We need more research to confirm the efficacy of boric acid against other STIs.

Is Boric Acid Safe for Humans?

According to the Journal of Women’s Health review, “intravaginal boric acid is usually

well tolerated, especially in short-term treatment” (Iavazzo et al, 2011). In one study included in their review, some side effects were reported in 4% of the 92 patients examined:

However, none of these side effects were considered serious (Jovanovic, Congema, & Nguyen, 1991).

The Journal of Women’s Health review also reported that, while boric acid may not be safe in the first trimester of pregnancy, it is generally considered safe for the second and third trimesters (Iavazzo et al, 2011); however, if you are pregnant, always consult your doctor or OBGYN before taking any supplement or treatment.

Are All Boric Acids the Same?

Boric acid is not the same as other types of boron or borates, including borax. If you are purchasing boric acid to treat recurring infections in your vagina, the most important thing to look for is the ingredient label. It should say 100% boric acid with no additives.

Can I Have Sex After taking Boric Acid?

If you are using boric acid (or any other treatment) for an active infection of your vagina, you should not have sex. (Your vagina probably won’t feel up to it anyway!)

When used for treatment of chronic or recurring vaginal infections, some partners of the people taking intravaginal boric acid reported a gritty sensation or male dyspareunia--pain in their genitals or pelvis--if they had penile-vaginal sex shortly after using boric acid (Jovanovic, Congema, & Nguyen, 1991).

As a result, many doctors recommend waiting to have sex until 24-48 hours after using boric acid suppositories.

Conclusion

Boric acid--an antifungal, antiviral, and antibacterial compound--is not the same as borax. It is generally considered a safe, effective, and inexpensive treatment for conditions of the vagina, especially recurring yeast infections and trichomoniasis.

In rare cases, side effects of intravaginal boric acid may include burning, a watery discharge, or reddening of the skin, but these generally aren’t serious. For the sake of both you and your partner, avoid having oral or vaginal sex for 24-48 hours after using a boric acid suppository.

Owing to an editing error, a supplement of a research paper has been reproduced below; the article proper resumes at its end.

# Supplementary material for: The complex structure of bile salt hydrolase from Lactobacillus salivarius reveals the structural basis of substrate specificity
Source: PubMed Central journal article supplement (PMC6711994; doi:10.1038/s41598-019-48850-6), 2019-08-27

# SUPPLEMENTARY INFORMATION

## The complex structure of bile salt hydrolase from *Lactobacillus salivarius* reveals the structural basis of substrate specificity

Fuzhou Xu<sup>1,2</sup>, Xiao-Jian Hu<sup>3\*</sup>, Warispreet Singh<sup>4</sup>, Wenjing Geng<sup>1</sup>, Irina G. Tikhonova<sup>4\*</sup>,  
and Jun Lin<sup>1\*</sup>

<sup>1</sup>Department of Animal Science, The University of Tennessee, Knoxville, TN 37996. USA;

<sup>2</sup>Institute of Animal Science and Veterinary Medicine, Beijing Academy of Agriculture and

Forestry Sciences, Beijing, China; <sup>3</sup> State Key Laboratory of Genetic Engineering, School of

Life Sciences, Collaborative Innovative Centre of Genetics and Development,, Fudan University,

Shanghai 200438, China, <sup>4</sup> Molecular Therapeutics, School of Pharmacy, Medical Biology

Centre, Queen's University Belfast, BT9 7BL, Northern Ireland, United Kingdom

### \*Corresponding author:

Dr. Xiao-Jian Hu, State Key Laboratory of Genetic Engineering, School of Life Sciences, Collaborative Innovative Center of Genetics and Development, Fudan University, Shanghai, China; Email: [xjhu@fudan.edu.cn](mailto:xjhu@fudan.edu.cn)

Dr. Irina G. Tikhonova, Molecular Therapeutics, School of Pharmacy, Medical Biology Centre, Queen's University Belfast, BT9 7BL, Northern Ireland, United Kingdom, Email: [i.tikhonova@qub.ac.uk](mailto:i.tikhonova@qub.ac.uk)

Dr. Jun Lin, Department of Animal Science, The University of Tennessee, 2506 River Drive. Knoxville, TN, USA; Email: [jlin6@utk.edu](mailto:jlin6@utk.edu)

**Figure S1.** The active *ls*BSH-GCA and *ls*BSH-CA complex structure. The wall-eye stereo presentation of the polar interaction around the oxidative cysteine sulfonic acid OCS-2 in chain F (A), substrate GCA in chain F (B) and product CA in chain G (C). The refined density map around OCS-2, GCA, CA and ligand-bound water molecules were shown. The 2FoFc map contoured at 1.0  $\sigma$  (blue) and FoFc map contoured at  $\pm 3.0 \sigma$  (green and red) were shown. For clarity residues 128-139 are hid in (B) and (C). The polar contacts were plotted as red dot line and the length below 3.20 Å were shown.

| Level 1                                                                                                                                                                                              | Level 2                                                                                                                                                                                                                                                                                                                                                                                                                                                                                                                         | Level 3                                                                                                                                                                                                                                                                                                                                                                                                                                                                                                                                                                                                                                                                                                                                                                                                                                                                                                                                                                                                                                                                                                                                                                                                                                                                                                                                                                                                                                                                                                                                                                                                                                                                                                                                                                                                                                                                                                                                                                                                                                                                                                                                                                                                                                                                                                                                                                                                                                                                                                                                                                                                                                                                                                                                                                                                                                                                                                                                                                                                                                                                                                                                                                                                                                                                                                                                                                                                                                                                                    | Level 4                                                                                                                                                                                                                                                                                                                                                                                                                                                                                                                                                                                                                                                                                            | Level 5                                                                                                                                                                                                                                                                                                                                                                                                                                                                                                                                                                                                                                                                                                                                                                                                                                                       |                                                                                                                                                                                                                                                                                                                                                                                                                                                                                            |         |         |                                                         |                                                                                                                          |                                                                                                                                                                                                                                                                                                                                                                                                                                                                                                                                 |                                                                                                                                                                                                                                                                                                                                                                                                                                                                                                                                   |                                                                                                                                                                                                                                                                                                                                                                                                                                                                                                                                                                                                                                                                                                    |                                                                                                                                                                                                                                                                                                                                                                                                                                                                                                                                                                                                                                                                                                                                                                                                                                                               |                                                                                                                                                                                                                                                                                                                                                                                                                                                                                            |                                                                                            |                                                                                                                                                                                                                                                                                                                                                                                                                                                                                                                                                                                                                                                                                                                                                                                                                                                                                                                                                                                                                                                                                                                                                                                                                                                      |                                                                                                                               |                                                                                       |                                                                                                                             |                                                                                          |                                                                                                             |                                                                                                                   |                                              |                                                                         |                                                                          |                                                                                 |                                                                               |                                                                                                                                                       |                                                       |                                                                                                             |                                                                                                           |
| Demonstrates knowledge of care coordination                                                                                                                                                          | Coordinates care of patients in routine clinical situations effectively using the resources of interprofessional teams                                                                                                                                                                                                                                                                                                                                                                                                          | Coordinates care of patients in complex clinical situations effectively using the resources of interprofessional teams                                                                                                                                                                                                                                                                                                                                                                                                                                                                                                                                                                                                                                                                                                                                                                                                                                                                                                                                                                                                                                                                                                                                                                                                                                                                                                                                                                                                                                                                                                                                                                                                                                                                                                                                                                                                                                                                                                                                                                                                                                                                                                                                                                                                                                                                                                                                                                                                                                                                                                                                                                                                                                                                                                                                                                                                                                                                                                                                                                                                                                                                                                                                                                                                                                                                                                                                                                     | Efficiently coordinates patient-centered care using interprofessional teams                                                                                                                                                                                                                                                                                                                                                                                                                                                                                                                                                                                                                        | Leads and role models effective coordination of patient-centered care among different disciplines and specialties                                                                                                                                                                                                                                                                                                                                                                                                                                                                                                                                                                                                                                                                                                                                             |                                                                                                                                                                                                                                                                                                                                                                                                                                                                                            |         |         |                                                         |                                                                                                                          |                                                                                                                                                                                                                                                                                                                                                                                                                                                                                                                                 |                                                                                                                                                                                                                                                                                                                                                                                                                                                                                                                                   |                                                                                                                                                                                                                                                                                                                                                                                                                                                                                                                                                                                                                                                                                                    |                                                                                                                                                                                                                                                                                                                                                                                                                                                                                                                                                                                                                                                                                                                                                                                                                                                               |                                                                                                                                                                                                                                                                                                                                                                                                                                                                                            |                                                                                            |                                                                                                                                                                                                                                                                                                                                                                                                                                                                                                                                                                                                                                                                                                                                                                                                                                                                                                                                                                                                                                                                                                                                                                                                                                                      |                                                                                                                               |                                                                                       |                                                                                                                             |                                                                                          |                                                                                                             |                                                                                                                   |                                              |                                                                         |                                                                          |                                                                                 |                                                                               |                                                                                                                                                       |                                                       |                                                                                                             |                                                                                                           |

If you think boric acid could help you manage your temporary or chronic vaginal condition, talk to your doctor. Short- or long-term treatment may help you improve your quality of life.

References

  1. World Health Organization (1998). Environmental Health Criteria for Boron. https://apps.who.int/iris/bitstream/handle/10665/42046/9241572043_eng.pdf;jsessionid=DE90D7D7596064F61907D50A6C948A59?sequence=1
  2. Wilson, J. (2004). Managing recurrent bacterial vaginosis. Sexually transmitted infections, 80(1), 8-11. http://dx.doi.org/10.1136/sti.2002.002733
  3. Mullins, M. Z., & Trouton, K. M. (2015). BASIC study: is intravaginal boric acid non-inferior to metronidazole in symptomatic bacterial vaginosis? Study protocol for a randomized controlled trial. Trials, 16(1), 1-7. https://doi.org/10.1186/s13063-015-0852-5
  4. Brittingham, A., & Wilson, W. A. (2014). The antimicrobial effect of boric acid on Trichomonas vaginalis. Sexually transmitted diseases, 41(12), 718-722. https://doi.org/10.1097/OLQ.0000000000000203
  5. Iavazzo, C., Gkegkes, I. D., Zarkada, I. M., & Falagas, M. E. (2011). Boric acid for recurrent vulvovaginal candidiasis: the clinical evidence. Journal of Women's Health, 20(8), 1245-1255. https://doi.org/10.1089/jwh.2010.2708
  6. Jovanovic, R., Congema, E., & Nguyen, H. T. (1991). Antifungal agents vs. boric acid for treating chronic mycotic vulvovaginitis. The Journal of reproductive medicine, 36(8), 593-597. https://europepmc.org/article/med/1941801